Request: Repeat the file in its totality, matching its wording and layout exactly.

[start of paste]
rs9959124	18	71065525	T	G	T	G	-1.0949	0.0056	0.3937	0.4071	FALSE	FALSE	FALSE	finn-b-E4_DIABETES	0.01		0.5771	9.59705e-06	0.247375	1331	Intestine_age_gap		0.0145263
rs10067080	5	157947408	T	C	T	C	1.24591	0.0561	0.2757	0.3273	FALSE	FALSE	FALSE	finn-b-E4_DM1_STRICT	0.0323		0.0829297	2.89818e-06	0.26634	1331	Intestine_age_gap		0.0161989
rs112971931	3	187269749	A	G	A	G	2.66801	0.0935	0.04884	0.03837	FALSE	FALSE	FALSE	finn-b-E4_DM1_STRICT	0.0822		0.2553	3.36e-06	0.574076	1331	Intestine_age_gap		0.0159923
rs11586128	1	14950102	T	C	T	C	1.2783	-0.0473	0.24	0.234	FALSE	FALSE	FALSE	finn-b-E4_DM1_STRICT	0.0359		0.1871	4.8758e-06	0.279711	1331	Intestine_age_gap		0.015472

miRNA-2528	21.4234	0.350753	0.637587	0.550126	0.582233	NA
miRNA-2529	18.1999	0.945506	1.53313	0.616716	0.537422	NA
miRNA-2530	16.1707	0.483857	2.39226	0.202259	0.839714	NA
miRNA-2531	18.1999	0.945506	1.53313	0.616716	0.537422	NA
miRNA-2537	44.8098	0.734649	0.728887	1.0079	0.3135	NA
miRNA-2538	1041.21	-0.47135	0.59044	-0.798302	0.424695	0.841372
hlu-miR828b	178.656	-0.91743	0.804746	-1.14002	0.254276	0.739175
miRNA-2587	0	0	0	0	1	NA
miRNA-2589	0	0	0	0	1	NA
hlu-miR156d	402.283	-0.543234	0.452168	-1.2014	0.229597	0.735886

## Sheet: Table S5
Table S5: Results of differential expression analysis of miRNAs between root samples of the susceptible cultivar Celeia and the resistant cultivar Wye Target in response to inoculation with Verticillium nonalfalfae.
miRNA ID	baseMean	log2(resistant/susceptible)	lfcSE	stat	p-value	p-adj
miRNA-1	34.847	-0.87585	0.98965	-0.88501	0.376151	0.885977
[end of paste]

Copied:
rs9959124	18	71065525	T	G	T	G	-1.0949	0.0056	0.3937	0.4071	FALSE	FALSE	FALSE	finn-b-E4_DIABETES	0.01		0.5771	9.59705e-06	0.247375	1331	Intestine_age_gap		0.0145263
rs10067080	5	157947408	T	C	T	C	1.24591	0.0561	0.2757	0.3273	FALSE	FALSE	FALSE	finn-b-E4_DM1_STRICT	0.0323		0.0829297	2.89818e-06	0.26634	1331	Intestine_age_gap		0.0161989
rs112971931	3	187269749	A	G	A	G	2.66801	0.0935	0.04884	0.03837	FALSE	FALSE	FALSE	finn-b-E4_DM1_STRICT	0.0822		0.2553	3.36e-06	0.574076	1331	Intestine_age_gap		0.0159923
rs11586128	1	14950102	T	C	T	C	1.2783	-0.0473	0.24	0.234	FALSE	FALSE	FALSE	finn-b-E4_DM1_STRICT	0.0359		0.1871	4.8758e-06	0.279711	1331	Intestine_age_gap		0.015472

miRNA-2528	21.4234	0.350753	0.637587	0.550126	0.582233	NA
miRNA-2529	18.1999	0.945506	1.53313	0.616716	0.537422	NA
miRNA-2530	16.1707	0.483857	2.39226	0.202259	0.839714	NA
miRNA-2531	18.1999	0.945506	1.53313	0.616716	0.537422	NA
miRNA-2537	44.8098	0.734649	0.728887	1.0079	0.3135	NA
miRNA-2538	1041.21	-0.47135	0.59044	-0.798302	0.424695	0.841372
hlu-miR828b	178.656	-0.91743	0.804746	-1.14002	0.254276	0.739175
miRNA-2587	0	0	0	0	1	NA
miRNA-2589	0	0	0	0	1	NA
hlu-miR156d	402.283	-0.543234	0.452168	-1.2014	0.229597	0.735886

## Sheet: Table S5
Table S5: Results of differential expression analysis of miRNAs between root samples of the susceptible cultivar Celeia and the resistant cultivar Wye Target in response to inoculation with Verticillium nonalfalfae.
miRNA ID	baseMean	log2(resistant/susceptible)	lfcSE	stat	p-value	p-adj
miRNA-1	34.847	-0.87585	0.98965	-0.88501	0.376151	0.885977